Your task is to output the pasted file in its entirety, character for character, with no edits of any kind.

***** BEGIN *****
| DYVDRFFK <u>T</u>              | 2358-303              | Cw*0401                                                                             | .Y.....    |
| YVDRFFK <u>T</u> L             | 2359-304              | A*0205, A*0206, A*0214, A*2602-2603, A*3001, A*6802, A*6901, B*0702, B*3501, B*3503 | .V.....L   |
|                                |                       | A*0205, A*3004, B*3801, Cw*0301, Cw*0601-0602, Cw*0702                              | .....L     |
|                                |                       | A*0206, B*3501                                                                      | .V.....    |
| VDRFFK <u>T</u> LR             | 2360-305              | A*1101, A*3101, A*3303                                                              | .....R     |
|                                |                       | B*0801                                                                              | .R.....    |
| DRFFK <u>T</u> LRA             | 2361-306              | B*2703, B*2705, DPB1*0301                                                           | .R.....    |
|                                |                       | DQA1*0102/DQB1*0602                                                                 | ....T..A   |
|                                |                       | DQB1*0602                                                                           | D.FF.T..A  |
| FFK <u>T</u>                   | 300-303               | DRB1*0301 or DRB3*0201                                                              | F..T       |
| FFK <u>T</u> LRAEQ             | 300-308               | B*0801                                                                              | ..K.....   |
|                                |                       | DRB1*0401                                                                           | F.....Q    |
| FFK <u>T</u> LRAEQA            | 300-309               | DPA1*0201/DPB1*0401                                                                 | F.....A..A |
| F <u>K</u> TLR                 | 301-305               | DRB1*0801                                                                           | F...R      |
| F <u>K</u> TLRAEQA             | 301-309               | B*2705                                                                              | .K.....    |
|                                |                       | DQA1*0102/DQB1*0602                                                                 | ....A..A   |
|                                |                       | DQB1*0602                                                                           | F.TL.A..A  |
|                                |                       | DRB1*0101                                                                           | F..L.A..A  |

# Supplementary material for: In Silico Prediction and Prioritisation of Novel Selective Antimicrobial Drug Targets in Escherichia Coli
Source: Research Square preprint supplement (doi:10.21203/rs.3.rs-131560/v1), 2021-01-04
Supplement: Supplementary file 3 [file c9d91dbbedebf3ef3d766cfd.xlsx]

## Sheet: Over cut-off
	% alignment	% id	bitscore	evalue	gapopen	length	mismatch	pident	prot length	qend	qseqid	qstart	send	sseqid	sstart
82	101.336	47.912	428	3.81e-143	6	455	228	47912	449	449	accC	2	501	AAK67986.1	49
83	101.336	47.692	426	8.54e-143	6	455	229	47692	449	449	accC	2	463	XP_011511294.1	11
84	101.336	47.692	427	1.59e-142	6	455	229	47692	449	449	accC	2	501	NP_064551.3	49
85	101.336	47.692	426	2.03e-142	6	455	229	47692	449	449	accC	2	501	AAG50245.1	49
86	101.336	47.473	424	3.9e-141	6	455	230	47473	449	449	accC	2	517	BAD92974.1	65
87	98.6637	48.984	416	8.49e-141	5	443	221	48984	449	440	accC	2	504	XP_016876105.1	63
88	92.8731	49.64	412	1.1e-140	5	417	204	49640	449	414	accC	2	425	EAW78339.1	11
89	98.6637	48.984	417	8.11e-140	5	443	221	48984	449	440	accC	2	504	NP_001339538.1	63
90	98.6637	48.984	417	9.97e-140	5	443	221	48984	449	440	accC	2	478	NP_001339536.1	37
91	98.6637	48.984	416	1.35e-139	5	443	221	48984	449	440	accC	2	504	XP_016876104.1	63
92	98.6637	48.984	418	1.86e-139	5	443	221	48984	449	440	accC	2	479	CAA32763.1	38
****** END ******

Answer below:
| DYVDRFFK <u>T</u>              | 2358-303              | Cw*0401                                                                             | .Y.....    |
| YVDRFFK <u>T</u> L             | 2359-304              | A*0205, A*0206, A*0214, A*2602-2603, A*3001, A*6802, A*6901, B*0702, B*3501, B*3503 | .V.....L   |
|                                |                       | A*0205, A*3004, B*3801, Cw*0301, Cw*0601-0602, Cw*0702                              | .....L     |
|                                |                       | A*0206, B*3501                                                                      | .V.....    |
| VDRFFK <u>T</u> LR             | 2360-305              | A*1101, A*3101, A*3303                                                              | .....R     |
|                                |                       | B*0801                                                                              | .R.....    |
| DRFFK <u>T</u> LRA             | 2361-306              | B*2703, B*2705, DPB1*0301                                                           | .R.....    |
|                                |                       | DQA1*0102/DQB1*0602                                                                 | ....T..A   |
|                                |                       | DQB1*0602                                                                           | D.FF.T..A  |
| FFK <u>T</u>                   | 300-303               | DRB1*0301 or DRB3*0201                                                              | F..T       |
| FFK <u>T</u> LRAEQ             | 300-308               | B*0801                                                                              | ..K.....   |
|                                |                       | DRB1*0401                                                                           | F.....Q    |
| FFK <u>T</u> LRAEQA            | 300-309               | DPA1*0201/DPB1*0401                                                                 | F.....A..A |
| F <u>K</u> TLR                 | 301-305               | DRB1*0801                                                                           | F...R      |
| F <u>K</u> TLRAEQA             | 301-309               | B*2705                                                                              | .K.....    |
|                                |                       | DQA1*0102/DQB1*0602                                                                 | ....A..A   |
|                                |                       | DQB1*0602                                                                           | F.TL.A..A  |
|                                |                       | DRB1*0101                                                                           | F..L.A..A  |

# Supplementary material for: In Silico Prediction and Prioritisation of Novel Selective Antimicrobial Drug Targets in Escherichia Coli
Source: Research Square preprint supplement (doi:10.21203/rs.3.rs-131560/v1), 2021-01-04
Supplement: Supplementary file 3 [file c9d91dbbedebf3ef3d766cfd.xlsx]

## Sheet: Over cut-off
	% alignment	% id	bitscore	evalue	gapopen	length	mismatch	pident	prot length	qend	qseqid	qstart	send	sseqid	sstart
82	101.336	47.912	428	3.81e-143	6	455	228	47912	449	449	accC	2	501	AAK67986.1	49
83	101.336	47.692	426	8.54e-143	6	455	229	47692	449	449	accC	2	463	XP_011511294.1	11
84	101.336	47.692	427	1.59e-142	6	455	229	47692	449	449	accC	2	501	NP_064551.3	49
85	101.336	47.692	426	2.03e-142	6	455	229	47692	449	449	accC	2	501	AAG50245.1	49
86	101.336	47.473	424	3.9e-141	6	455	230	47473	449	449	accC	2	517	BAD92974.1	65
87	98.6637	48.984	416	8.49e-141	5	443	221	48984	449	440	accC	2	504	XP_016876105.1	63
88	92.8731	49.64	412	1.1e-140	5	417	204	49640	449	414	accC	2	425	EAW78339.1	11
89	98.6637	48.984	417	8.11e-140	5	443	221	48984	449	440	accC	2	504	NP_001339538.1	63
90	98.6637	48.984	417	9.97e-140	5	443	221	48984	449	440	accC	2	478	NP_001339536.1	37
91	98.6637	48.984	416	1.35e-139	5	443	221	48984	449	440	accC	2	504	XP_016876104.1	63
92	98.6637	48.984	418	1.86e-139	5	443	221	48984	449	440	accC	2	479	CAA32763.1	38